- Armstrong, Nancy. Desire and Domestic Fiction: A Political History of the Novel. New York: Oxford University Press, 1987.
- Doody, Margaret Anne. A Natural Passion: A Study of the Novels of Samuel Richardson. Oxford: Clarendon Press, 1974.
- Keymer, Tom; Sabor, Peter (2005), Pamela in the Marketplace: literary controversy and print culture in eighteenth-century Britain and Ireland, Cambridge: Cambridge University Press.
- McKeon, Michael. The Origins of the English Novel: 1600–1740. Baltimore: Johns Hopkins University Press, 2002.
- Townsend, Alex, Autonomous Voices: An Exploration of Polyphony in the Novels of Samuel Richardson, 2003, Oxford, Bern, Berlin, Bruxelles, Frankfurt/M., New York, Wien, 2003, ISBN 978-3-906769-80-6 / US-ISBN 978-0-8204-5917-2
- Watt, Ian. The Rise of the Novel: Studies in Defoe, Richardson and Fielding. Berkeley: University of California Press, 1957.
The success of Pamela soon led to its translation into other languages (French by abbé Prévost) and its adaptation on the French and Italian stage. In Italy, it was adapted by Chiari and Goldoni. In France, Boissy put on a Paméla ou la Vertu mieux éprouvée, a verse comedy in three acts (Comédiens italiens ordinaires du Roi, 4 March 1743), followed Neufchâteau's five-act verse comedy Paméla ou la Vertu récompensée, (Comédiens Français, 1 August 1793). Appearing during the French Revolution, Neufchâteau's adaptation was felt to be too Royalist in its sympathies by the Committee of Public Safety, which imprisoned its author and cast (including Anne Françoise Elizabeth Lange and Dazincourt) in the Madelonnettes and Sainte-Pélagie prisons.
Lesuire imitated the work in his novel la Paméla française, ou Lettres d’une jeune paysanne et d’un jeune ci-devant, contenant leurs aventures (Paris, les marchands de nouveautés, an XI). Bay Area author Pamela Lu's first book Pamela: A Novel evokes Richardson's title and also borrows from Richardson the conceit of single-letter names to create a very different type of "quasi-bildungsroman," according to Publisher's Weekly.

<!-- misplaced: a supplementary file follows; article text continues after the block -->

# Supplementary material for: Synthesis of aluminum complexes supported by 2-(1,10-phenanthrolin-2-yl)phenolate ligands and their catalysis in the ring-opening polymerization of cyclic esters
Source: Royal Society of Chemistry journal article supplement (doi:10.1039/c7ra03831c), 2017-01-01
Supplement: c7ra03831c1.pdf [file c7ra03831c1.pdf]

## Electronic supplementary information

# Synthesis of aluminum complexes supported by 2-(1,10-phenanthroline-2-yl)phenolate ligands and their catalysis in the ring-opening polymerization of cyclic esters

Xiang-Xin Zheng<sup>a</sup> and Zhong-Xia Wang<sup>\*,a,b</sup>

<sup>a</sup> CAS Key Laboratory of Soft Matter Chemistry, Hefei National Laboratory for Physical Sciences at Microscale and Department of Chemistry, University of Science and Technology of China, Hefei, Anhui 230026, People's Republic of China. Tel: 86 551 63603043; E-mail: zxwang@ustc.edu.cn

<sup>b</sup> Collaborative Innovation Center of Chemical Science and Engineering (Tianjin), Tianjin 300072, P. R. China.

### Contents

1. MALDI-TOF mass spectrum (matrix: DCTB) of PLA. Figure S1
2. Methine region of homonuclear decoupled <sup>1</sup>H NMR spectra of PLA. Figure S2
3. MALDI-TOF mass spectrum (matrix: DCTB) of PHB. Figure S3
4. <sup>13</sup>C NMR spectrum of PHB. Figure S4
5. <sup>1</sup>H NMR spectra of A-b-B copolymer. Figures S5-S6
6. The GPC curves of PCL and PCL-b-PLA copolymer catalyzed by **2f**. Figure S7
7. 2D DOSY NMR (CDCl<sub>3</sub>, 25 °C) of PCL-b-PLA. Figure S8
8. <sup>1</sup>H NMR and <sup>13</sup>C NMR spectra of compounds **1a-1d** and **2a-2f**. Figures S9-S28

Film and TV
- 1974 – UK movie by Jim O'Connolly: Mistress Pamela with Ann Michelle as Pamela Andrews and Julian Barnes as Lord Robert Devenish (Mr. B).
- 2003 – Italian TV series by Cinzia TH Torrini: Elisa di Rivombrosa
The popular TV series (26 episodes) Elisa di Rivombrosa is loosely based on Pamela. The story takes place in the second half of the 18th century in Turin (Italy). The role of Pamela is that of Elisa Scalzi (played by Vittoria Puccini) in the series. The role of Mr. B is that of Count Fabrizio Ristori (played by Alessandro Preziosi).
Allusions/references from other works
- Brontë, Charlotte (1847), Jane Eyre: Jane mentions Bessie's nursery stories and how some of them came from Pamela.
- Jackson, Shirley (1959), The Haunting of Hill House: The character of Doctor Montague mentions several times that he is reading Pamela.
- Freedland, Jonathan (9 January 2007), The Long View (video), UK: BBC Radio 4. On 9 January 2007, BBC Radio 4 broadcast The Long View which contrasted Pamela's effect on 18th-century society with that of video games on 20th-century society.
- Baker, Jo (2013), Longbourn: Both volumes of Pamela have been read by Elizabeth Bennet and she passes the books to one of the maids. The maid contemplates the behavior of the characters and wonders what her own conduct would be if put in the same position.
- Gabaldon, Diana (1993), Voyager, the third novel in the Outlander Series: In the chapter "The Torremolinos Gambit", the characters Jamie Fraser and Lord John Grey discuss Samuel Richardson’s immense novel Pamela. Another mention is made in "The Fiery Cross", Gabaldon's fifth novel in the series, wherein Roger Wakefield is perusing the Fraser library and comes across the "monstrous" "gigantic" novel with several bookmarks delineating where various readers gave up on the novel, either temporarily or permanently.
- Traversa, Vincenzo (2005), transl. Traversa, Vincenzo. Three Italian Epistolary Novels: Foscolo, De Meis, Piovene : Translations, Introductions, and Backgrounds, p. xii. Peter Lang Publishing, Inc. Retrieved 30 April 2014.
- Sage, Lorna, et al., eds. (1999). The Cambridge Guide to Women's Writing in English, p. 224. Cambridge University Press. Retrieved 30 April 2014.
- Fysh, Stephanie (1997). The Work(s) of Samuel Richardson, p. 60. University of Delaware Press. ISBN 0-87413-626-1, 978-0-87413-626-5.
- Fysh (1997), p. 58.
- Keymer; Sabor, Pamela in the Marketplace, p. 5.
- Keymer, Thomas, and Sabor, Peter (2005). Pamela in the Marketplace: Literary Controversy and Print Culture in Eighteenth-Century Britain and Ireland, pp. 100–02. Cambridge University Press. Retrieved 30 April 2014.
- IMdB reference link
- IMdb reference link
- Richardson, Samuel (1740). Pamela; or, Virtue Rewarded (1st ed.). London: Messrs Rivington & Osborn.
- Doody, Margaret Ann (1995). Introduction to Samuel Richardson's Pamela. Viking Press.